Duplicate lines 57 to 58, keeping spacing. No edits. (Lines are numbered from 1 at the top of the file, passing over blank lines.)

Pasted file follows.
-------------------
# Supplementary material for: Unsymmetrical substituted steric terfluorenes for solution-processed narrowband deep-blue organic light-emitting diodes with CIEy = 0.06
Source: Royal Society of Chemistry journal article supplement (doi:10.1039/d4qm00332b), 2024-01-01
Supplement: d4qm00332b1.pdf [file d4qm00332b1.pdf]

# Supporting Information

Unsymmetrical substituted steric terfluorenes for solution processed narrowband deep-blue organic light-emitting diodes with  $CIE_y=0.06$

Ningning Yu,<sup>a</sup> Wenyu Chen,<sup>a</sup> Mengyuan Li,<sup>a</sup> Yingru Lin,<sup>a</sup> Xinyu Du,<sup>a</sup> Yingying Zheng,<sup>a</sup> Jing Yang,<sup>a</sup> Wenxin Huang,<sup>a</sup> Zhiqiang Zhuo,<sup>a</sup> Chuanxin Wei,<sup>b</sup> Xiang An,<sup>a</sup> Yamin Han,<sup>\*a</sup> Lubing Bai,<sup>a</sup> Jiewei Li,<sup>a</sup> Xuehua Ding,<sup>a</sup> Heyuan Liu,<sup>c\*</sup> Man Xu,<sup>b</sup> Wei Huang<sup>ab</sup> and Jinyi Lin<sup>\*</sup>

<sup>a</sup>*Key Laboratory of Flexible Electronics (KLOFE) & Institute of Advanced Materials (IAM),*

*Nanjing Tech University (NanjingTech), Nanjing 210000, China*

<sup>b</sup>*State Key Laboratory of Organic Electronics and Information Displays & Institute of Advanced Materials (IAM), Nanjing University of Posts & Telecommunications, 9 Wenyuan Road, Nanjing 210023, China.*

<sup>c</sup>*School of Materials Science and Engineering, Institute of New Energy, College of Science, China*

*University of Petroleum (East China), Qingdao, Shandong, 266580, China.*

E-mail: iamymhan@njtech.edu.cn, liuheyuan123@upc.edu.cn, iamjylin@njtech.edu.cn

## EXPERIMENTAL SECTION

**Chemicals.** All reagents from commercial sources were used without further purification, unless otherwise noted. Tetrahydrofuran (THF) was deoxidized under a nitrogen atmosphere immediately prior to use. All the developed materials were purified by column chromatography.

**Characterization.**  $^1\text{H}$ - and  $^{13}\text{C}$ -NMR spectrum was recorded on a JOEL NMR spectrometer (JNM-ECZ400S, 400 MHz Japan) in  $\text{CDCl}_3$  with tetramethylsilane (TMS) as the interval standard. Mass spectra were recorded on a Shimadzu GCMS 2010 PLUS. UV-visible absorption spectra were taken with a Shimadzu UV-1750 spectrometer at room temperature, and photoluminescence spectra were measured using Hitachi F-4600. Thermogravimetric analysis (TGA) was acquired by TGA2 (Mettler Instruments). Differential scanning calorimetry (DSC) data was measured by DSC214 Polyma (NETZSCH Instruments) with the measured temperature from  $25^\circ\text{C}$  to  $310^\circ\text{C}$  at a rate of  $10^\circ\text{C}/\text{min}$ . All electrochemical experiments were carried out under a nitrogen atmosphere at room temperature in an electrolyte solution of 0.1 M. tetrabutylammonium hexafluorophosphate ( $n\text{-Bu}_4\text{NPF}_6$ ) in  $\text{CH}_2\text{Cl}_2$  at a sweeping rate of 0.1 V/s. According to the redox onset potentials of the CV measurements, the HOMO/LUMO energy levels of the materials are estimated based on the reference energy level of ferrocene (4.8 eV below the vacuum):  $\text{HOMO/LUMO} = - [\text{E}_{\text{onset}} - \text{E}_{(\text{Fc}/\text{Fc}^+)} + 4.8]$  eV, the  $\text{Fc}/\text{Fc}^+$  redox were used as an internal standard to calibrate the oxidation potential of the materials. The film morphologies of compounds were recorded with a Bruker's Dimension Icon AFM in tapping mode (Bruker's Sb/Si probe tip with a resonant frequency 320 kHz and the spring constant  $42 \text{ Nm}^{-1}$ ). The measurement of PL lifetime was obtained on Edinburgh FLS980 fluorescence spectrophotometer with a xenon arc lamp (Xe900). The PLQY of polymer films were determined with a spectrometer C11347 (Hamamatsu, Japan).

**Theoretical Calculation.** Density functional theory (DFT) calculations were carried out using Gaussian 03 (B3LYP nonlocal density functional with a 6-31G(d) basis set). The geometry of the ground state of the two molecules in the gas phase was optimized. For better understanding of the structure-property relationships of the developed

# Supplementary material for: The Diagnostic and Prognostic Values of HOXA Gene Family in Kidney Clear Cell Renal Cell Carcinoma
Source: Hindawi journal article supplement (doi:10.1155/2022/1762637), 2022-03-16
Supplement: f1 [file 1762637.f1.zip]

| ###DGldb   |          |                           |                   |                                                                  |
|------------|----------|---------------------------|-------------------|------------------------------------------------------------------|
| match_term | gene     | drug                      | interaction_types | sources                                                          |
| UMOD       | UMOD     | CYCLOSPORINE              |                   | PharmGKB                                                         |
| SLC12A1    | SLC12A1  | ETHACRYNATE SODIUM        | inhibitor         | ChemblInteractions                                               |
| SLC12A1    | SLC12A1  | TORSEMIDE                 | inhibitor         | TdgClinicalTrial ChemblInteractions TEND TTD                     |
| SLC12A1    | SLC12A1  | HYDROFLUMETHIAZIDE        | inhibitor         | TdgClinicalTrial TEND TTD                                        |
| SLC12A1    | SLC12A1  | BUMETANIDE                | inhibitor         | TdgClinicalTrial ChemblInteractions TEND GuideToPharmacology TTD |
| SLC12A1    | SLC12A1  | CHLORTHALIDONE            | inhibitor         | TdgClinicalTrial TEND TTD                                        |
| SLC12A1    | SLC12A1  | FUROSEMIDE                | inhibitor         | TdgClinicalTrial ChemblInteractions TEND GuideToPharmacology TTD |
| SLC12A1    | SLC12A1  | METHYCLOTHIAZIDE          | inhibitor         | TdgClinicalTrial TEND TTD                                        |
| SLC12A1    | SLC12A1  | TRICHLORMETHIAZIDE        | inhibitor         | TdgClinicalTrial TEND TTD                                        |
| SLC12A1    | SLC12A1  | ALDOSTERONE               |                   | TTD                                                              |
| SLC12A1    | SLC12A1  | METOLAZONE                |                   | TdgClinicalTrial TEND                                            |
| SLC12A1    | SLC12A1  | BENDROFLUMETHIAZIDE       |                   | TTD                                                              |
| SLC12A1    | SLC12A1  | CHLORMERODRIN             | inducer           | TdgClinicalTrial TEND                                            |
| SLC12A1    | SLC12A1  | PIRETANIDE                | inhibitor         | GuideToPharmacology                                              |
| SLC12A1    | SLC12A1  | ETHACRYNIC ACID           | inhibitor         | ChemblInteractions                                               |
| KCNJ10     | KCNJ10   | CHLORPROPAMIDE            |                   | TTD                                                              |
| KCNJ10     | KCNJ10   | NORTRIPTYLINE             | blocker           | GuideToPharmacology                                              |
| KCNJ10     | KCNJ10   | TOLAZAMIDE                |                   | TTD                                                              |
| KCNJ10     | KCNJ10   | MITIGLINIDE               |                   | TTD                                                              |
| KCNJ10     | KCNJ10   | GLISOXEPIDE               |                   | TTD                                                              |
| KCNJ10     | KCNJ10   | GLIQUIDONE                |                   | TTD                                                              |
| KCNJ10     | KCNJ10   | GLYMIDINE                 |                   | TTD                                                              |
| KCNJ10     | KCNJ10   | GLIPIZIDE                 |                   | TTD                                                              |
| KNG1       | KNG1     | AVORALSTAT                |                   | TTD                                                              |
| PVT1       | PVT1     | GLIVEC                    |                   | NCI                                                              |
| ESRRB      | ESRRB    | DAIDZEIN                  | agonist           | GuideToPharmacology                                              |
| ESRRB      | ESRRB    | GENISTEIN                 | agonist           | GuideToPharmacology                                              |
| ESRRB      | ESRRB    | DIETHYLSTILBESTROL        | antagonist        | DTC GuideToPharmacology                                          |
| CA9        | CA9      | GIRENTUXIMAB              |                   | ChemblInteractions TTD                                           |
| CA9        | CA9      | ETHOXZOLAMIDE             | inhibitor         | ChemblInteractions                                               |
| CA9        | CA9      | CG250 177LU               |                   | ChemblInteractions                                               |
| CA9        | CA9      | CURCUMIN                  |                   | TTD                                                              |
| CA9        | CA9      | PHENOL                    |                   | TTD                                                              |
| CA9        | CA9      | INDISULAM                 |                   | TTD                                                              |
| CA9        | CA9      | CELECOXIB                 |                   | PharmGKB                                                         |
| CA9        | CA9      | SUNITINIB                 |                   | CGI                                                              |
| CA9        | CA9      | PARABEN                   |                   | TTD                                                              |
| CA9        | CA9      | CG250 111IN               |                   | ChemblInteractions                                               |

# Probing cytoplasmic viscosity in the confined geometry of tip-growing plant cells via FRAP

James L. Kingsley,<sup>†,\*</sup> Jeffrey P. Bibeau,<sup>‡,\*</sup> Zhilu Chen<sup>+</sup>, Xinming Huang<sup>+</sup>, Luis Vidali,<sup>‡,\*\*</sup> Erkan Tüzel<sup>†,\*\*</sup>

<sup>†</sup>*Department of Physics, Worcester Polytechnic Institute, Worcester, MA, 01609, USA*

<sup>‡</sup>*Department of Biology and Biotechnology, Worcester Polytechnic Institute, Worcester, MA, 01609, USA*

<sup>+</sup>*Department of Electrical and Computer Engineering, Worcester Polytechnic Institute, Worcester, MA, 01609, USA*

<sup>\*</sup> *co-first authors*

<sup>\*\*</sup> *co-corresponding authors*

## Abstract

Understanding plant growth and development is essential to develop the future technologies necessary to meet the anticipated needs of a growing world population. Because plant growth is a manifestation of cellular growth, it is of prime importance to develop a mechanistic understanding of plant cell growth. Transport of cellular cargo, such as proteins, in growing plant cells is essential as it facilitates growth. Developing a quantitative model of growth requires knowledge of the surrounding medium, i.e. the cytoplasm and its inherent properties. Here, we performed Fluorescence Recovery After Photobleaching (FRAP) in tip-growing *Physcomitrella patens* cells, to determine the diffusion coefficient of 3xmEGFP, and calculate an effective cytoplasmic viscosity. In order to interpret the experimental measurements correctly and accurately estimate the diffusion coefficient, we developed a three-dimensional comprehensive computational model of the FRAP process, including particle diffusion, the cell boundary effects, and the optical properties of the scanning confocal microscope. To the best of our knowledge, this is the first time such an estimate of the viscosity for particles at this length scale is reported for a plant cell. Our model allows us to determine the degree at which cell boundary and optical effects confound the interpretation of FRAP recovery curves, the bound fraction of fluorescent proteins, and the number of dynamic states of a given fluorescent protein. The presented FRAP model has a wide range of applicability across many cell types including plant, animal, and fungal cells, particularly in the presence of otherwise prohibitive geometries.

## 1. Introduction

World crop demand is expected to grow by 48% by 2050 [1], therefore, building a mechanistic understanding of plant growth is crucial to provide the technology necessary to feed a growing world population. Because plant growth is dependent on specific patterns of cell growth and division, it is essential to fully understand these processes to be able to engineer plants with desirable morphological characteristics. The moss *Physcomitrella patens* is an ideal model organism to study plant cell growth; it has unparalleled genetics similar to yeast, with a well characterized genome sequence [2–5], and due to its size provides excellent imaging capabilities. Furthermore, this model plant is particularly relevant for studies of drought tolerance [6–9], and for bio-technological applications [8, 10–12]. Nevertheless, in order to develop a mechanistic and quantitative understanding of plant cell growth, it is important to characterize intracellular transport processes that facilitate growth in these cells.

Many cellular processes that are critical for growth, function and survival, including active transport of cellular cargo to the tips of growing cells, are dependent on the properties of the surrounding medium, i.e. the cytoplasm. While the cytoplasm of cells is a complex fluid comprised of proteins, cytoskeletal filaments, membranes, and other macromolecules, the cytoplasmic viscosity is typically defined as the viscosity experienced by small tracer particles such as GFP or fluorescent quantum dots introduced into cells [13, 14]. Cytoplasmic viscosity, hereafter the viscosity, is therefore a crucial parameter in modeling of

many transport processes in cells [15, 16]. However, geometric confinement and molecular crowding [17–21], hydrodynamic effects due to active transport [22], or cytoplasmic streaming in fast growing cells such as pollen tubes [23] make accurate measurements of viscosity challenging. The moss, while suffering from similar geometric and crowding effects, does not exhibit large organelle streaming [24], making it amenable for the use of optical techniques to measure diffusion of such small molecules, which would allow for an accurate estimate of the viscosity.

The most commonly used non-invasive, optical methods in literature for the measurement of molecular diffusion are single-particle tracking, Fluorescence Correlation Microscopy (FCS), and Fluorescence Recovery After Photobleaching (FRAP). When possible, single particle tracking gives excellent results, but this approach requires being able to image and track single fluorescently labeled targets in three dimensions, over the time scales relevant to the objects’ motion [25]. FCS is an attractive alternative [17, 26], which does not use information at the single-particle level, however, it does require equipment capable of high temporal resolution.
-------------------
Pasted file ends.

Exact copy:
| CA9        | CA9      | CELECOXIB                 |                   | PharmGKB                                                         |
| CA9        | CA9      | SUNITINIB                 |                   | CGI                                                              |